Circularise is a start-up that developed an app which scans the data on electrical equipment. This can be a QR-code or a bar-code. The app provides information about this equipment, such as user and repair manuals (films). The information placed by the producer and other parties (for example remanufacturers) is shared via block chain technology that protects sensitive information, and runs on the parties’ own server. Information is added by all parties in the value chain, without the risk of losing classified information. There is no communication from a central point. The system makes it possible to track and trace equipment. Currently Circularise is focussed at consumer products, on the longer term they will also address B2B.
In the Netherlands parts and products (e.g. boilers) of the installation industry are put into a database by company 2BA. This database is used by installers, architectural bureaus, and other customers. The information in the database gives them the right units, sizes and shapes for ordering, making drawings etc., saving the customers time and errors. The system does not offer tracking or tracing, but can offer technical data when products are brought back for reuse. The database could also be used to give information about EEE for repair and refurbishment. However, this information could be sensitive for the OEM’s when the products are brought back for reuse by a third party. These third parties are seen as competitors by the OEM’s.
Are you a builder or demolisher?
Also in building and demolishing projects electronic equipment can be a source of income.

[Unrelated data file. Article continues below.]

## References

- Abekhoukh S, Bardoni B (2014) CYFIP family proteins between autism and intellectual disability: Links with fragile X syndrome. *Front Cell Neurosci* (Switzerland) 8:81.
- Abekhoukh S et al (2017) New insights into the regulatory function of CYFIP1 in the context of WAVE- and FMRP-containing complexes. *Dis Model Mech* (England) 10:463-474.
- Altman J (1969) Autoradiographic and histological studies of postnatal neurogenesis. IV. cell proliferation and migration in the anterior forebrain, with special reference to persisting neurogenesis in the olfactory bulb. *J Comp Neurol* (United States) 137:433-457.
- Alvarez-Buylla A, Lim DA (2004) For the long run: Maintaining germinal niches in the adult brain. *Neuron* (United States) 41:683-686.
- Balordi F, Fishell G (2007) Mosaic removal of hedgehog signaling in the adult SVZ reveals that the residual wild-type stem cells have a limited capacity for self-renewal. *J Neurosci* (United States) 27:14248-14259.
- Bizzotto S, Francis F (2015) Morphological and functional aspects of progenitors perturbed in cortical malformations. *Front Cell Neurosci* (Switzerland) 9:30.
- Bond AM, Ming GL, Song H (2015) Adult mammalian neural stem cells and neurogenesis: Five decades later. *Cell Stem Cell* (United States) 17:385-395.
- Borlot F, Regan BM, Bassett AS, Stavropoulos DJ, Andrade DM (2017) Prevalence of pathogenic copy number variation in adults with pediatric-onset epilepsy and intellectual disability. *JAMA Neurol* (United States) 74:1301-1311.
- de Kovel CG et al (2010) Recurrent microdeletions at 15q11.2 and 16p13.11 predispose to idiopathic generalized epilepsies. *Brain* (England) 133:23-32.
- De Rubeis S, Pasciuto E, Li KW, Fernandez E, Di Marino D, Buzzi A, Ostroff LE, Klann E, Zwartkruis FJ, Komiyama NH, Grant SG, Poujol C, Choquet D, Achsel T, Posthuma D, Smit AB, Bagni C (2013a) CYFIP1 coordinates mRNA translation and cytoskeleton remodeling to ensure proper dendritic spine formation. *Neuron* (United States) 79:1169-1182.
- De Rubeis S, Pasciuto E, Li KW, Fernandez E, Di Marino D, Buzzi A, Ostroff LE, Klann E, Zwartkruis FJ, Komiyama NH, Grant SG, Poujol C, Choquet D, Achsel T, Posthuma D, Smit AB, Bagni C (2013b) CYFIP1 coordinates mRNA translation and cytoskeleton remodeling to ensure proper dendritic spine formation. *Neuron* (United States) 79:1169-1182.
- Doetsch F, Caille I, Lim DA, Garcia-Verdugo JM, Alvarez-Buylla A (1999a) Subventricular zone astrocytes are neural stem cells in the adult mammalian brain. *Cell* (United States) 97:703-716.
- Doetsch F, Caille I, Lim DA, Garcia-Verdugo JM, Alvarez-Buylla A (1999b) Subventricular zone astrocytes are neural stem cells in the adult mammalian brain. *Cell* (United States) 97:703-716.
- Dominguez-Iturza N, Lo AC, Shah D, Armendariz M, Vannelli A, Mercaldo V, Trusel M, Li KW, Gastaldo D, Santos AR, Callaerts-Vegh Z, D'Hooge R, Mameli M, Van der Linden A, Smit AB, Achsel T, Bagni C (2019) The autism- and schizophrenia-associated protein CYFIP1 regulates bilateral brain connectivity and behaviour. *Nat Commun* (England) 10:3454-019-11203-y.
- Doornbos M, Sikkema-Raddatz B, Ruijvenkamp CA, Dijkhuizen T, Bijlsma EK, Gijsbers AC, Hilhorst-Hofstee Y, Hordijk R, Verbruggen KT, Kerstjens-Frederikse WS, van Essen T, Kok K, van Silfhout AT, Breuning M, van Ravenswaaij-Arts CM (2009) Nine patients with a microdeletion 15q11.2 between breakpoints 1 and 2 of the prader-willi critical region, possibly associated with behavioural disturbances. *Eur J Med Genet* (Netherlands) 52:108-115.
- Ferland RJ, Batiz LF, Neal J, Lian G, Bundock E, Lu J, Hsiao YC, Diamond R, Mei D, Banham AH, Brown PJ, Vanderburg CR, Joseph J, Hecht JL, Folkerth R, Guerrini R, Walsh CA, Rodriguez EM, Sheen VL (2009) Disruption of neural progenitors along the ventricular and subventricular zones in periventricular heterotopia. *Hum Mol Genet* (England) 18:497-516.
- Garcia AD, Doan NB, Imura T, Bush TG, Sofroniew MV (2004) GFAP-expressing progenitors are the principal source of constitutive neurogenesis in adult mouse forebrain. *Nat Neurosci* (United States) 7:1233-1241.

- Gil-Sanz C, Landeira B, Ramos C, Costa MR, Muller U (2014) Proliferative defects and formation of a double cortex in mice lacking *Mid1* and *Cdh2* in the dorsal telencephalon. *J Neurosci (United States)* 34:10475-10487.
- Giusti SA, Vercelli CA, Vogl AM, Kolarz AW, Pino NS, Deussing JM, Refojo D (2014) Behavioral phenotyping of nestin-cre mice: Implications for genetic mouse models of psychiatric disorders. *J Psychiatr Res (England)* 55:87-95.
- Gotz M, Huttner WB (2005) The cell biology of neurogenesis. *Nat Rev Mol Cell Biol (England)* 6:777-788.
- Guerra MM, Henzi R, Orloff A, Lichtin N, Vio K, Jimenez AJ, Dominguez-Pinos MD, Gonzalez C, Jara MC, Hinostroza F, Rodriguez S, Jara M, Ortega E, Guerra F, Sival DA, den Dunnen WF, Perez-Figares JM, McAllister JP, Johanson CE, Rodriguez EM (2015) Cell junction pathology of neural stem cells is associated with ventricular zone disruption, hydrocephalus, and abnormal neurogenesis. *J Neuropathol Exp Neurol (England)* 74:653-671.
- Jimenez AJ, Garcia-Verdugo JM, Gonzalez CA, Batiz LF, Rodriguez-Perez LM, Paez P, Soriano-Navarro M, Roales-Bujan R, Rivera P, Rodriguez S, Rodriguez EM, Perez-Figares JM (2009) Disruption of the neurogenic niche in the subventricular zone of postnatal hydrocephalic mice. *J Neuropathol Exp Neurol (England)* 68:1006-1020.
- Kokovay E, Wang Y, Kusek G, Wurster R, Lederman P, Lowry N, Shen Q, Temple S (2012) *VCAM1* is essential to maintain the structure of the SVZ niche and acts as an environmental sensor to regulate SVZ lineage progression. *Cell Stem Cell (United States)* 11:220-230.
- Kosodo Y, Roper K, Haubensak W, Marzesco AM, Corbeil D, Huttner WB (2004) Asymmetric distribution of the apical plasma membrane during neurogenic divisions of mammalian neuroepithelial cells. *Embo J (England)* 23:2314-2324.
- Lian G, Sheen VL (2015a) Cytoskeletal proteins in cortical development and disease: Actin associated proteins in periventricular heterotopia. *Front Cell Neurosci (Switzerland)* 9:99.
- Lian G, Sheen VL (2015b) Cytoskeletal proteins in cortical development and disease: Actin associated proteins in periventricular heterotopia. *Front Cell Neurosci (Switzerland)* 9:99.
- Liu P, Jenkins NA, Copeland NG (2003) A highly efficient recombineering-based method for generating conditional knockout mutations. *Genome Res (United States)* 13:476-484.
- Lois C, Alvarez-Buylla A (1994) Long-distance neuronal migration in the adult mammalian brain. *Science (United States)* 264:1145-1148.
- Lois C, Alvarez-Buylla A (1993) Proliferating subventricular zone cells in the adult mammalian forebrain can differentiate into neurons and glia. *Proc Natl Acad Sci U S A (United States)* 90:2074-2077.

At demolishing projects more and more specialized companies are involved to take out usable electronic equipment, within the very small time frame these companies have before demolishing.
Case: the Démoclès project
The French Démoclès project is a project that ended in autumn 2016. It covered 40 organizations in building and demolition sector. The aim of the project was to contribute tackling the challenge of the low recycling rates of demolition waste. It aimed to identify the types of waste available on demolition sites, the required handling of each waste category and the role of each of the on-site collaborators in handling these waste streams. WEEE represent less than 3% of the demolition waste but need to be handled as a single stream and should not be mixed with other waste. Three main conclusions have been drawn from the project:
- The project managers of the demolition site do not feel involved in the management of demolition waste, while they are responsible by law to correctly handle them. Their involvement is key and dialogue is necessary between project managers, workers and recyclers.
- Demolition waste is mainly collected in containers and therefore all waste streams are mixed. It results in the contamination of inert waste with dangerous waste and to a lower recycling rate due to a lower purity.
- The collection in containers results in hidden costs for the demolition project. Smaller containers for each type of waste that need to be collected separately should be installed on-site.
The Démoclès project recommends clarifying the responsibility of each actor on-site (e.g., the project manager should make sure that the company is charge of collecting the waste has fulfilled its tasks as proposed in the commercial offer, the waste streams should be monitored by the project management team etc.), train project managers to waste management, implement the separate collection of different waste streams in small containers on-site.